When the Digital Markets, Competition and Consumers Bill (DMCC) was introduced to parliament last year, there was some surprise that it did not cover drip pricing and fake reviews.
Drip pricing occurs when consumers are shown an initial price for a good or service while additional fees are revealed (or “dripped”) later in the checkout process. The changes will mean that fees that are mandatory must be included in the headline price or at the start of the shopping process – these include booking fees for cinemas and train tickets. Optional fees such as airline seat and luggage upgrades for flights will not be included in these measures.
Research cited by the government suggests that drip pricing is widespread and occurs in more than half of providers in the entertainment (54%) and hospitality (56%) industries, and almost three quarters across transport and communication (72%) sectors. Every year, these unavoidable (and initially undisclosed) fees cost UK consumers £2.2 billion.
Fake reviews are seen as another significant problem, particularly for online shoppers. The government seemed unsure from the outset about omitting them from the DMCC Bill, and after a period of consultation, announced today that they would add fake reviews to the list of ‘blacklisted’ practices in the DMCC, i.e. practices which are automatically considered unfair and unlawful.
In particular, it is likely to be a banned practice to:
- commission or incentivise any person to write and/or submit a fake consumer review of goods or services,
- host consumer reviews without taking reasonable and proportionate steps to check they are genuine,
- offer or advertise to submit, commission or facilitate fake reviews.
So, those who host reviews on their website will need to take this seriously, but others will too.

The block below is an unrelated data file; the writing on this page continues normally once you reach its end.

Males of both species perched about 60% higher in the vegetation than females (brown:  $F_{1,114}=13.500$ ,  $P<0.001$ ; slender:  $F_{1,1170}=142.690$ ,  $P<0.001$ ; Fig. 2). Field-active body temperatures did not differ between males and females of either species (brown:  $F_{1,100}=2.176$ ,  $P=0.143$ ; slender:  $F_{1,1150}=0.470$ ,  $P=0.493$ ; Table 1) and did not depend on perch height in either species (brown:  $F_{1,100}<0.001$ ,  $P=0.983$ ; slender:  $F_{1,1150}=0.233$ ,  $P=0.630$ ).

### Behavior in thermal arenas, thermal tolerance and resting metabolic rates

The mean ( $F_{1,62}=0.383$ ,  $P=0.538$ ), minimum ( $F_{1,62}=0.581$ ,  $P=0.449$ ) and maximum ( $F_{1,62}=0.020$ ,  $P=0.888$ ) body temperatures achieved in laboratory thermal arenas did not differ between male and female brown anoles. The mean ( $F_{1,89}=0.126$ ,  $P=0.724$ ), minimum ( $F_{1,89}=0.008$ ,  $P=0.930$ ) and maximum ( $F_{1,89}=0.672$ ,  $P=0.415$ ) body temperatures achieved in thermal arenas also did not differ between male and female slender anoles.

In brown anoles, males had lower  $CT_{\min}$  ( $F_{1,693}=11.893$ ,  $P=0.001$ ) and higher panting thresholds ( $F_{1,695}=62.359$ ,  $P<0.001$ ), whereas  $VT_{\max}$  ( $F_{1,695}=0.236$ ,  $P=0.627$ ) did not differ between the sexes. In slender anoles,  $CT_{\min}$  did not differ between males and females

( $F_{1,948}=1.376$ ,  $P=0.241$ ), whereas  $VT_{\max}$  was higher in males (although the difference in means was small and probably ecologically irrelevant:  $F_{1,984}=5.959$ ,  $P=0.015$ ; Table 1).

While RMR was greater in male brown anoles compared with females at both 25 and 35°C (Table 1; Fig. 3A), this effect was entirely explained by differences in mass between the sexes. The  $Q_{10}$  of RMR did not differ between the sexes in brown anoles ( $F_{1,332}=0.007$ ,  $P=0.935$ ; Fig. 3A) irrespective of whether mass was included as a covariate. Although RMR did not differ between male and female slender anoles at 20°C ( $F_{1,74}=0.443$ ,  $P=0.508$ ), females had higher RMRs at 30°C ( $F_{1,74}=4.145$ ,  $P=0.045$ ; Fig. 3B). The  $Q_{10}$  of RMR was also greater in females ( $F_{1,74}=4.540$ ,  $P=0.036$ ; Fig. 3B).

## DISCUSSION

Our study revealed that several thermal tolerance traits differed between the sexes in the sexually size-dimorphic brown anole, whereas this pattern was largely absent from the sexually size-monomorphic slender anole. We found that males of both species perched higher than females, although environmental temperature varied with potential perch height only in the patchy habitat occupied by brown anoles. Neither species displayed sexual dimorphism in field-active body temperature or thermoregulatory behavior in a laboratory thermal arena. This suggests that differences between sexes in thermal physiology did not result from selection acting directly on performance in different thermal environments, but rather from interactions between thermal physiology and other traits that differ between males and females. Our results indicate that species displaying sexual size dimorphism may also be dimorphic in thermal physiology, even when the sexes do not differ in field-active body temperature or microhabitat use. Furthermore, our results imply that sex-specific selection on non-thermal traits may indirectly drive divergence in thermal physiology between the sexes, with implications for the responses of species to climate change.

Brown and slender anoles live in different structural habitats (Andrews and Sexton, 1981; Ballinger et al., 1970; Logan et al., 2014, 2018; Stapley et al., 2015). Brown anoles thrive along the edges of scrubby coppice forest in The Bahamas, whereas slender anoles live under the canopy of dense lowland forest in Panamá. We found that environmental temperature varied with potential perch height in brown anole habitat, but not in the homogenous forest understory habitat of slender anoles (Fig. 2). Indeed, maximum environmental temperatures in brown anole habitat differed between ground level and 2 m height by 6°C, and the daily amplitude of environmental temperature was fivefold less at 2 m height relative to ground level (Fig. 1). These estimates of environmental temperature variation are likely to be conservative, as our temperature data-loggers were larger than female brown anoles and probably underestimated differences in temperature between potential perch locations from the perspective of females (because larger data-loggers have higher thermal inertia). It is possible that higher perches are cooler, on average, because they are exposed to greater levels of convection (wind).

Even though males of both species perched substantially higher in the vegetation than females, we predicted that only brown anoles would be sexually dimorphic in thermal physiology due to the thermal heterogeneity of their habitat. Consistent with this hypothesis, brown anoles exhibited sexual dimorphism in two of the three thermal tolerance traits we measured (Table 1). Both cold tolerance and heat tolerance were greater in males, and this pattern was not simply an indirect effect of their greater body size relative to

The government will be tabling amendments to the DMCC Bill to deal with those two issues.
In related news, the CMA also carried out an investigation of the groceries market, which revealed that there were problems with the clarity and transparency of price labels in supermarkets. The main criticism is that it is still far too difficult for consumers to compare the price of like-for-like products on supermarket shelves, with some retailers/manufacturers appearing to deliberately bamboozle customers. The trend for providing loyalty card holders with huge (and possibly artificial) discounts has only added to this confusion.
Therefore, the CMA has been considering changes to the current rules, found in the Price Marking Order (PMO). The PMO requires traders to display the final selling price and, where appropriate the final unit price (e.g., price per litre/kilogram) of products in a clear way - but it has been inconsistently applied.
The upshot is that the PMO will be updated with the aim of ensuring unit pricing is consistently applied, including to promotions and special offers. New guidance will also be provided this spring. The PMO will also reflect the proposed Deposit Return Schemes so the cost of the deposit is displayed separately on price labels.
It will be interesting to see the final shape of the provisions. We will report further when the full consultation response and the wording for the DMCC Bill are available.
The CMA is also investigating those loyalty card discounts, and we await further news on that investigation, too.
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